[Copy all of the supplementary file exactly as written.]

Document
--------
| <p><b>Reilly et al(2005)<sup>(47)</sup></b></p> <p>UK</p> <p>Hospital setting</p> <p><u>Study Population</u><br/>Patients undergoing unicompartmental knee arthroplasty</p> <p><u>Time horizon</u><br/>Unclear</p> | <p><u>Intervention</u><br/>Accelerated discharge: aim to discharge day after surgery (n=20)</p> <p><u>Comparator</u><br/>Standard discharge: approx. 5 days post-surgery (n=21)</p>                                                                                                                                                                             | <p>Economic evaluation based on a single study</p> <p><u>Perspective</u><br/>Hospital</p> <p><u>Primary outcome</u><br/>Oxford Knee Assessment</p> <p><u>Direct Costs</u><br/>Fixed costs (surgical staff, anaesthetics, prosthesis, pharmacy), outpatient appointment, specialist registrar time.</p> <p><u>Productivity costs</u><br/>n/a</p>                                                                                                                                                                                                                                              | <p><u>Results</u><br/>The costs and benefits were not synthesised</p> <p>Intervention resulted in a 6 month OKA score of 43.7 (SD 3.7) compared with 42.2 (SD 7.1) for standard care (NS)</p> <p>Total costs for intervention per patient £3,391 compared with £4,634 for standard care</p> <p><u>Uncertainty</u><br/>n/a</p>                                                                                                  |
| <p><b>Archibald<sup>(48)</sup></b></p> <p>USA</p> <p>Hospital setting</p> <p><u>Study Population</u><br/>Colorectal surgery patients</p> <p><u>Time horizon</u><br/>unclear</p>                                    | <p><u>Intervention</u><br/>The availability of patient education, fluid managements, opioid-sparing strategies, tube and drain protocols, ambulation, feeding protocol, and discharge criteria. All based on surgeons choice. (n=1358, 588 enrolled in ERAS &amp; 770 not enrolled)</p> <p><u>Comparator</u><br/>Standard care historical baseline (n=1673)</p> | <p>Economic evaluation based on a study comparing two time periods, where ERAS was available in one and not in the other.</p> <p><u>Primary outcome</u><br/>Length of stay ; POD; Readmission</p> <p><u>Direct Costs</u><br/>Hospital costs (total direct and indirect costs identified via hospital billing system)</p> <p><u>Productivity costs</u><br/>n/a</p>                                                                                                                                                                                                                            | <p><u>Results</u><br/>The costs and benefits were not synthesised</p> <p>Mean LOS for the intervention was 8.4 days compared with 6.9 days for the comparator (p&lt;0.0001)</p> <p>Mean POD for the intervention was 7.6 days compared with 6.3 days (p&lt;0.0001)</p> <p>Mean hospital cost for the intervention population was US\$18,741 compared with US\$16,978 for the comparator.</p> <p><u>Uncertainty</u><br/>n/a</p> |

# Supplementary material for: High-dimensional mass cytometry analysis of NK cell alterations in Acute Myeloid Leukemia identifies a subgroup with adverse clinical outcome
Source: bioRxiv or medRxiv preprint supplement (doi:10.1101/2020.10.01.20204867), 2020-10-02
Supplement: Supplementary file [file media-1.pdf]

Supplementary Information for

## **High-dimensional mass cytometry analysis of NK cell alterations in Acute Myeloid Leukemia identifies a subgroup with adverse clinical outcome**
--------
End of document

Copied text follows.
| <p><b>Reilly et al(2005)<sup>(47)</sup></b></p> <p>UK</p> <p>Hospital setting</p> <p><u>Study Population</u><br/>Patients undergoing unicompartmental knee arthroplasty</p> <p><u>Time horizon</u><br/>Unclear</p> | <p><u>Intervention</u><br/>Accelerated discharge: aim to discharge day after surgery (n=20)</p> <p><u>Comparator</u><br/>Standard discharge: approx. 5 days post-surgery (n=21)</p>                                                                                                                                                                             | <p>Economic evaluation based on a single study</p> <p><u>Perspective</u><br/>Hospital</p> <p><u>Primary outcome</u><br/>Oxford Knee Assessment</p> <p><u>Direct Costs</u><br/>Fixed costs (surgical staff, anaesthetics, prosthesis, pharmacy), outpatient appointment, specialist registrar time.</p> <p><u>Productivity costs</u><br/>n/a</p>                                                                                                                                                                                                                                              | <p><u>Results</u><br/>The costs and benefits were not synthesised</p> <p>Intervention resulted in a 6 month OKA score of 43.7 (SD 3.7) compared with 42.2 (SD 7.1) for standard care (NS)</p> <p>Total costs for intervention per patient £3,391 compared with £4,634 for standard care</p> <p><u>Uncertainty</u><br/>n/a</p>                                                                                                  |
| <p><b>Archibald<sup>(48)</sup></b></p> <p>USA</p> <p>Hospital setting</p> <p><u>Study Population</u><br/>Colorectal surgery patients</p> <p><u>Time horizon</u><br/>unclear</p>                                    | <p><u>Intervention</u><br/>The availability of patient education, fluid managements, opioid-sparing strategies, tube and drain protocols, ambulation, feeding protocol, and discharge criteria. All based on surgeons choice. (n=1358, 588 enrolled in ERAS &amp; 770 not enrolled)</p> <p><u>Comparator</u><br/>Standard care historical baseline (n=1673)</p> | <p>Economic evaluation based on a study comparing two time periods, where ERAS was available in one and not in the other.</p> <p><u>Primary outcome</u><br/>Length of stay ; POD; Readmission</p> <p><u>Direct Costs</u><br/>Hospital costs (total direct and indirect costs identified via hospital billing system)</p> <p><u>Productivity costs</u><br/>n/a</p>                                                                                                                                                                                                                            | <p><u>Results</u><br/>The costs and benefits were not synthesised</p> <p>Mean LOS for the intervention was 8.4 days compared with 6.9 days for the comparator (p&lt;0.0001)</p> <p>Mean POD for the intervention was 7.6 days compared with 6.3 days (p&lt;0.0001)</p> <p>Mean hospital cost for the intervention population was US\$18,741 compared with US\$16,978 for the comparator.</p> <p><u>Uncertainty</u><br/>n/a</p> |

# Supplementary material for: High-dimensional mass cytometry analysis of NK cell alterations in Acute Myeloid Leukemia identifies a subgroup with adverse clinical outcome
Source: bioRxiv or medRxiv preprint supplement (doi:10.1101/2020.10.01.20204867), 2020-10-02
Supplement: Supplementary file [file media-1.pdf]

Supplementary Information for

## **High-dimensional mass cytometry analysis of NK cell alterations in Acute Myeloid Leukemia identifies a subgroup with adverse clinical outcome**